We must jump forward yet again to July 17, 2015 when we are in North of France, staying in the pretty seaside resort village of Honfleur.
We had been eager to see Juno Beach, the place where so many Canadians helped spearhead the victory against Hitler, and where so many Canadians died for freedom. We had another very special reason, to see how a member of MLW’s family was being honoured, because he also landed there … and lived.
It was a cloudy and windy day, but not raining yet, so as our thoughts continued to echo with versions of ‘How dare we complain’ from the visit to Ypres, we found the Juno Beach visitor centre (with some parking consternation that will be discussed at the appropriate juncture in the blog proper) and made or way to the entrance.
MLW’s uncle by marriage, Armand Denicola – now 92,- found himself on June 6, 1944 as a young private in the Canadian Scottish regiment just eight days before his 22nd birthday, in one of the landing craft, speeding towards a beach of an unimaginable Hell.
When asked how he survived, he calmly says, “Luck. You keep your head down and keep going and hope you might be one of the lucky ones who makes it.”
But in reality it is we who are the truly lucky ones.
We as a nation are lucky because we can live free from tyranny in our own country today. Our family are also lucky because had Armand not made it out, we would not have had the benefit of his influence on MLW’s family, with the subsequent cousins who have enriched and continue to enrich our lives, as does Armand himself.
Over the years, the dead have been rightly honoured, and lately as Canadians watched the ranks of the old veterans dwindle each passing Remembrance Day, I think we grew uncomfortable with the fact that the names of those who also fought but lived, had no plaque or engraving in stone to mark their deeds on that day and many others.
These humble veterans did not ask for the honour, it was others who bestowed it.
And so we were very happy to see the diamond-shaped kiosks erected outside the centre …
upon which we found this plaque.
Canadians should feel pride; their centre is extremely well done, with movies and slide shows, presentations of individual stories and narratives of various themes which are added or changed each year. This year one added theme pertained to the lives of the ordinary citizens of Normandy and Canadians, from occupation to liberation. Some stories are told in letters which are read out in audio clips. Others are told in pictures and text.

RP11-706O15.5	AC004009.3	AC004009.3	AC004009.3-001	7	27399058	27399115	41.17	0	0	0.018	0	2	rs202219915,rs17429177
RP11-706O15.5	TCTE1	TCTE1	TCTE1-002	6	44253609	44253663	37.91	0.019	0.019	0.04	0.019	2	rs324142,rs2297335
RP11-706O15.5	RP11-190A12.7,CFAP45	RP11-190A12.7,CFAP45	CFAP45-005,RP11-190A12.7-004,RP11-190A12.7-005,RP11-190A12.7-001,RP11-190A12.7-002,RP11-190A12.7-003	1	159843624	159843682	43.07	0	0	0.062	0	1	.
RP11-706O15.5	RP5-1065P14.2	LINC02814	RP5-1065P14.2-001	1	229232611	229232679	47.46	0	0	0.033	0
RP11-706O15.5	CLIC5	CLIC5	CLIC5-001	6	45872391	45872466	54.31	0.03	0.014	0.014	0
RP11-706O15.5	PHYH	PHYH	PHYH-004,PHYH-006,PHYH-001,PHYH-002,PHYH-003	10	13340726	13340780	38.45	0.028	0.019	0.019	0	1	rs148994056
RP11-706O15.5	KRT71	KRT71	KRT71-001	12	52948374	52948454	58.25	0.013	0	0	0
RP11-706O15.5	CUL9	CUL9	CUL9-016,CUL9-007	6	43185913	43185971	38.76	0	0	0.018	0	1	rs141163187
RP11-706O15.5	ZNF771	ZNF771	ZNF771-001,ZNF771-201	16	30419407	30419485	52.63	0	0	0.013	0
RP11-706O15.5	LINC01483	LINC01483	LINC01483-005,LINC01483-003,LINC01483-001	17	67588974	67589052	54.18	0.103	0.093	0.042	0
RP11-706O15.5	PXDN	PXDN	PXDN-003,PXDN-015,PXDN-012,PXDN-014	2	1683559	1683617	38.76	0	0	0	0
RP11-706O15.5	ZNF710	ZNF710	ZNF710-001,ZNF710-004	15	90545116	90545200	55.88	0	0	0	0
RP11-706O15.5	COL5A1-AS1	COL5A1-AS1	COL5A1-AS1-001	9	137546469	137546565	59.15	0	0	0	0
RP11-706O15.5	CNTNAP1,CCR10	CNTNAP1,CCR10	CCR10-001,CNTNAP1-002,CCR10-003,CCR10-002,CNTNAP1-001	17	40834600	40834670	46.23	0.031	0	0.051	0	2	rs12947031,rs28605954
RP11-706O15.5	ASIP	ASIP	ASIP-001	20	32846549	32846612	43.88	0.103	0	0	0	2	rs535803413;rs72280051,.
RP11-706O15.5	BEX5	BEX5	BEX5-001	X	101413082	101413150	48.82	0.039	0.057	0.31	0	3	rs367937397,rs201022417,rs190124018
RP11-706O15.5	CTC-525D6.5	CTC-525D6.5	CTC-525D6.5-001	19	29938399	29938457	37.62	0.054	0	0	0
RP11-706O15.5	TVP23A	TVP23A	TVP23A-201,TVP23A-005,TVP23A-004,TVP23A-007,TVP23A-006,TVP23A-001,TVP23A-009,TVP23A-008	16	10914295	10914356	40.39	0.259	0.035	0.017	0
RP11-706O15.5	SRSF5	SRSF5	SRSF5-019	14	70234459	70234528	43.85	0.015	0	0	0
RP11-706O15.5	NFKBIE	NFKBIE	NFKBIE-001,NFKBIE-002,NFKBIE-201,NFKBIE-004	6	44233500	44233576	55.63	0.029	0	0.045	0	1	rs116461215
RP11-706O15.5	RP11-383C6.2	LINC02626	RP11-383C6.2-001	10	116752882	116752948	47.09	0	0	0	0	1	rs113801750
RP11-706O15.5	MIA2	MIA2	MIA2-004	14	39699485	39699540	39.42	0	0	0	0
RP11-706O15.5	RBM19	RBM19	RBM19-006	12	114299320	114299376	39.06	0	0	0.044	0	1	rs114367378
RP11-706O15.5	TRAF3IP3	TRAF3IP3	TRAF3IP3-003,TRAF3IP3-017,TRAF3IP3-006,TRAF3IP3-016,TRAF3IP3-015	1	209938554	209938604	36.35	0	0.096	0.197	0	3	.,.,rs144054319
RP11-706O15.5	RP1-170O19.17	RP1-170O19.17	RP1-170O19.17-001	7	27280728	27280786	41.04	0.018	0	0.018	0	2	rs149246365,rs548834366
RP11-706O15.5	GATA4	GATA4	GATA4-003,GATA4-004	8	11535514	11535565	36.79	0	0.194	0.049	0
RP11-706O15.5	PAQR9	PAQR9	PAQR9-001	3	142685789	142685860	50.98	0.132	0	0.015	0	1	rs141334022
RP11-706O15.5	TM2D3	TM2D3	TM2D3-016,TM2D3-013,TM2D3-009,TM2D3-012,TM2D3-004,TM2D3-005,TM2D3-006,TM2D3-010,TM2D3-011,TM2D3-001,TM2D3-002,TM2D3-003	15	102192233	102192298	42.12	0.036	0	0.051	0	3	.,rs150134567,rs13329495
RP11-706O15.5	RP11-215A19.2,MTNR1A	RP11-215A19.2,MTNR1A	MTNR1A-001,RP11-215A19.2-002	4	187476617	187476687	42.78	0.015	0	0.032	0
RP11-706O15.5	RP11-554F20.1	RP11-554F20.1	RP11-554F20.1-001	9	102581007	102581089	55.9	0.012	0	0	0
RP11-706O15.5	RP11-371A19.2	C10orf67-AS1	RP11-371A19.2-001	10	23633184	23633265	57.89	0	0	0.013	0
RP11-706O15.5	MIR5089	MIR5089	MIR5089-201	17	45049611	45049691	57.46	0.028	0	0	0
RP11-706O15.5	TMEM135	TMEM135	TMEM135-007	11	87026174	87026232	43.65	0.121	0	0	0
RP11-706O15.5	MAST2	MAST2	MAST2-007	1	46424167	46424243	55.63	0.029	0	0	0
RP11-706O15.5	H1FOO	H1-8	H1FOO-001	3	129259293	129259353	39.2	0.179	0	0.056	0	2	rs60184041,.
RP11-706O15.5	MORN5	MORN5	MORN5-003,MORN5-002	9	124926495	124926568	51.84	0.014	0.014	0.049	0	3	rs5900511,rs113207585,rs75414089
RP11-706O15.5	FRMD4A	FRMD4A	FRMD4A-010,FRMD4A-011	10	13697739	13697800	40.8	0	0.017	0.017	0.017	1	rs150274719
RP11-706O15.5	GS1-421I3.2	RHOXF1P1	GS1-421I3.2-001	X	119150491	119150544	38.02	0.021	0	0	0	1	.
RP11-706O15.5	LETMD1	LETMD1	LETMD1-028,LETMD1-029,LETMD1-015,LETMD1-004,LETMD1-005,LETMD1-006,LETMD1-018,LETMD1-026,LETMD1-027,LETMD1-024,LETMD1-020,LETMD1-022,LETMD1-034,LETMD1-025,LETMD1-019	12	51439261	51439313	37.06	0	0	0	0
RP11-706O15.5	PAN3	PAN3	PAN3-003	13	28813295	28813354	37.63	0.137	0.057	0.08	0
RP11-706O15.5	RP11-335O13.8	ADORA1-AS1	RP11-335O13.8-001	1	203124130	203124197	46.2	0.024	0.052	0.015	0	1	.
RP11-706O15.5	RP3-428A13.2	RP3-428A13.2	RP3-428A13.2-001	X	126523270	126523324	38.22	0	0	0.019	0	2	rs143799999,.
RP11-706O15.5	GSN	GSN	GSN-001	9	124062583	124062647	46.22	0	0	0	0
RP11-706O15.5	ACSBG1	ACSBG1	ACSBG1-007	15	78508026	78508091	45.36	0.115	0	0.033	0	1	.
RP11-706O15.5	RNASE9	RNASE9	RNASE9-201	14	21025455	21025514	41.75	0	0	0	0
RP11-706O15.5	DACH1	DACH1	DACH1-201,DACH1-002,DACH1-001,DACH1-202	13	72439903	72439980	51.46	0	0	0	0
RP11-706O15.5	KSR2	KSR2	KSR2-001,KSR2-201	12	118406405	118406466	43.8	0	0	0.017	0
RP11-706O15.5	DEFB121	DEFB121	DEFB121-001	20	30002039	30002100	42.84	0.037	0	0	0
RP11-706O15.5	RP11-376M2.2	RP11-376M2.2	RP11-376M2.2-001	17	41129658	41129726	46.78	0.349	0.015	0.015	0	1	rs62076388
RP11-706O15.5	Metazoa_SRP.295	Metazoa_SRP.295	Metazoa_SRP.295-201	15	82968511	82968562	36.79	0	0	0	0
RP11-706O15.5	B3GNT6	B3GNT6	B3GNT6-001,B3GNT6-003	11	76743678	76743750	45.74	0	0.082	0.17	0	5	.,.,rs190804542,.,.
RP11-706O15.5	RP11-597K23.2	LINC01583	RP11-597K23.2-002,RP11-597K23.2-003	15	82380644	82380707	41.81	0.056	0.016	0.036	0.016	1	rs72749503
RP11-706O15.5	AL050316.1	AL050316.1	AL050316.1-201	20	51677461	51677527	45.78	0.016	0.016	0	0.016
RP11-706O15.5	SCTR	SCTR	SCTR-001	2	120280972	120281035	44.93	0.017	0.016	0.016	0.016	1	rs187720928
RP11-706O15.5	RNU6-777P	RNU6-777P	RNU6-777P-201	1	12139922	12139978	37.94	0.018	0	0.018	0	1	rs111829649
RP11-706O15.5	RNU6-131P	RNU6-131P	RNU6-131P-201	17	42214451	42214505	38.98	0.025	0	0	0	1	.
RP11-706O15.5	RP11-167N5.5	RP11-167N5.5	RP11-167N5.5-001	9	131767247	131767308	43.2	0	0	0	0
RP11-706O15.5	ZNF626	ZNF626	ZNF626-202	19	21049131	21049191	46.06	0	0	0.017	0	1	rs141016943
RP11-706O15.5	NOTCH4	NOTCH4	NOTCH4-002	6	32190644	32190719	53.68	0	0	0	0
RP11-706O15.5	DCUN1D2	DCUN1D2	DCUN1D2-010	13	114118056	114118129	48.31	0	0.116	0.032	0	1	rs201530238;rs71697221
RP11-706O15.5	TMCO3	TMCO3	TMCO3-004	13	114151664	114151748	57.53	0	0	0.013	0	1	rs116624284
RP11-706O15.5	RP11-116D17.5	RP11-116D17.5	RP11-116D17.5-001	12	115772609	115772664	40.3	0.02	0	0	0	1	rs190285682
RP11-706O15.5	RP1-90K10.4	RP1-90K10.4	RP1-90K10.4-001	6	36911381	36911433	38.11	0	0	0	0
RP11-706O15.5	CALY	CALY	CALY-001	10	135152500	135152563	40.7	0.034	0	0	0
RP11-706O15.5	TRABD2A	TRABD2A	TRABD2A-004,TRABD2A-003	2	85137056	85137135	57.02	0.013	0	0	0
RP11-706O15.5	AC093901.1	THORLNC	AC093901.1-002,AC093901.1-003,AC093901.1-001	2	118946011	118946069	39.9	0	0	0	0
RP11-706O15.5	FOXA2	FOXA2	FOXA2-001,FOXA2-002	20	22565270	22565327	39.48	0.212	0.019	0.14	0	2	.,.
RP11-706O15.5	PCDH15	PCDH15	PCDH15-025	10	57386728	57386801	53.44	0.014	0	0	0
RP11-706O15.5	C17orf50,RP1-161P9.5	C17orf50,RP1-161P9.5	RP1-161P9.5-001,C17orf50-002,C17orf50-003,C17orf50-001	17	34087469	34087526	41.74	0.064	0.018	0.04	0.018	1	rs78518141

My father was in the merchant marine and faced many harrowing days aboard ship, not the least of which was the evacuation of British troops after the so-called Phony War, the Battle of Dunkirk, in which 861 vessels including freighters and fishing boats participated and of which 243 were sunk during the operation. The merchant marine played a vital role with little compensation or subsequently bestowed honours.
Many people are not aware of the major role Canada played in early days of the modern Intelligence community.
Opened by Sir William Stephenson, a Canadian from Winnipeg, Manitoba, and a close confidante of Winston Churchill and FDR and dubbed Intrepid, a little place called Camp X in Whitby, Ontario trained not only Canadian but many British agents from the Special Operations Executive,as well as agents from the FBI and the American Office of Strategic Services (OSS) the forerunner of the CIA. Most notable was Colonel William “Wild Bill” Donovan, war-time head of the OSS, who credited Stephenson with teaching Americans about foreign intelligence gathering.